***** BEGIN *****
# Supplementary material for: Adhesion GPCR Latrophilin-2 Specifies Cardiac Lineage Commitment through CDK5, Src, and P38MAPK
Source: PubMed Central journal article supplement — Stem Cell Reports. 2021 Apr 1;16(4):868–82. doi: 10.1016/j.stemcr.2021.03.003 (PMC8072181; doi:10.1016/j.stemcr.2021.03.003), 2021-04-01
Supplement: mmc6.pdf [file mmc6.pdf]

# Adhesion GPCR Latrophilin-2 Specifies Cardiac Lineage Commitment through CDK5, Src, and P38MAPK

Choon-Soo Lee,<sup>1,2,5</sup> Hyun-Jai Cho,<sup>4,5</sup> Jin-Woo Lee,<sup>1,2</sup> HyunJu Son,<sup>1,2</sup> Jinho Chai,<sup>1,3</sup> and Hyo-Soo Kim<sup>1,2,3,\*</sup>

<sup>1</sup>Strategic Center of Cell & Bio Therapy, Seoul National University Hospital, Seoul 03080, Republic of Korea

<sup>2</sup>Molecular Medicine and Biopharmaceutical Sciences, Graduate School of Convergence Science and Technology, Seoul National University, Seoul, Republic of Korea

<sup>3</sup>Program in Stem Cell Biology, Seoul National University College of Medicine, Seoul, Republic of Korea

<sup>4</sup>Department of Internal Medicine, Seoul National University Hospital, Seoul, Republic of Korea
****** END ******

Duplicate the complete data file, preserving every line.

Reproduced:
# Supplementary material for: Adhesion GPCR Latrophilin-2 Specifies Cardiac Lineage Commitment through CDK5, Src, and P38MAPK
Source: PubMed Central journal article supplement — Stem Cell Reports. 2021 Apr 1;16(4):868–82. doi: 10.1016/j.stemcr.2021.03.003 (PMC8072181; doi:10.1016/j.stemcr.2021.03.003), 2021-04-01
Supplement: mmc6.pdf [file mmc6.pdf]

# Adhesion GPCR Latrophilin-2 Specifies Cardiac Lineage Commitment through CDK5, Src, and P38MAPK

Choon-Soo Lee,<sup>1,2,5</sup> Hyun-Jai Cho,<sup>4,5</sup> Jin-Woo Lee,<sup>1,2</sup> HyunJu Son,<sup>1,2</sup> Jinho Chai,<sup>1,3</sup> and Hyo-Soo Kim<sup>1,2,3,\*</sup>

<sup>1</sup>Strategic Center of Cell & Bio Therapy, Seoul National University Hospital, Seoul 03080, Republic of Korea

<sup>2</sup>Molecular Medicine and Biopharmaceutical Sciences, Graduate School of Convergence Science and Technology, Seoul National University, Seoul, Republic of Korea

<sup>3</sup>Program in Stem Cell Biology, Seoul National University College of Medicine, Seoul, Republic of Korea

<sup>4</sup>Department of Internal Medicine, Seoul National University Hospital, Seoul, Republic of Korea